6. Will I buy this product? Nope.

    It’s again a stupid copy of Arturia’s Keystep Pro.
    Yes it offers different things but anyone with a functioning brain can see they’re clearly stealing this design from Arturia.

    So all l can say is F Y Uli for again showing what a rotten piece of crap he is in this industry.
    I hope there’s a case for Arturia to sue the shit out of Behringer.

    And if anything we should support Arturia and ask/mail/call them if they will upgrade their Keystep Pro. If Behringer can annouce gear that’s gonna take forever to hit the market (and have sites with no backbone like Synthtopia whore for them) So can Arturia. And I know who I’ll rather support. 🙂

        1. To imitate is not to “attack”. Behringer saw something that appeals to a large number of people, improved on it, and will presumably sell it at a kinder price point. Back in the late 90s, when and where all of the Behringer hate started, Greg Mackie and Samson (U.S. distributor of Mackie mixers) sued Behringer for cloning their mixers (right down to the circuit boards). Initially, Mackie won, but later that win was overruled because Behringer’s cloning didn’t violate US copyright laws. At the time, Behringer was selling their mixers at about 1/2 the cost of the Mackies. Sure, this pissed off Mackie and a lot of people who bought the Mackie originals, however, musicians who couldn’t afford Mackie gear had an alternative they could afford. At the time, Behringer wasn’t a household word, and some people did see some allure in “handcrafted in Germany”). Personally, I ended up purchasing the Mackie mixers, but a lot of my friends who weren’t as fortunate as me bought the Behringers. That Behringer brought a lot of happiness to a lot of musicians (in a whole lot of product categories, over the years) who couldn’t afford more expensive products never really bothered me a whole lot. I’ve never understood Behringer hate.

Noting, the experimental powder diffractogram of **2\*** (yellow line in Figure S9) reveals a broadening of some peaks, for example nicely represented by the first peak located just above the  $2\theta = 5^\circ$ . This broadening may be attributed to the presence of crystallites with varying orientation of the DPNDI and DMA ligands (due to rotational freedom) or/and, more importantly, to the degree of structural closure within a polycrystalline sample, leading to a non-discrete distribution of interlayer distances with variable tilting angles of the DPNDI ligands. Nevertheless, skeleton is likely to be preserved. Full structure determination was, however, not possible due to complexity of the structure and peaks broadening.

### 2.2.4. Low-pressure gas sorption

1. And you really believe that nonsense? All you do is making excuses for a dictator to step in and take over because it found loopholes in the system. Open your eyes and look into the world and see what kind of attitude like that gets you. (tip: go listen to a couple of Putin’s speeches and you’ll hear what i’m talking about)

            To think the world is a better place because Behringer rips off other companies show the complete selfishness with some of you. I’ll bet you all be screaming differently when they come after your company.

            Just look at the entire portofolio of Musictribe. It has put so many other companies against the wall and in worst case out of business. And what do you get in return? Cheap low quality junk with hardly any support and underpayed employment. You also get extreme marketing and clueless fanboys that go hard on it because they’ve no clue what’s already been available on the market for decades and affordable on the secondhand market for those with less money to spend.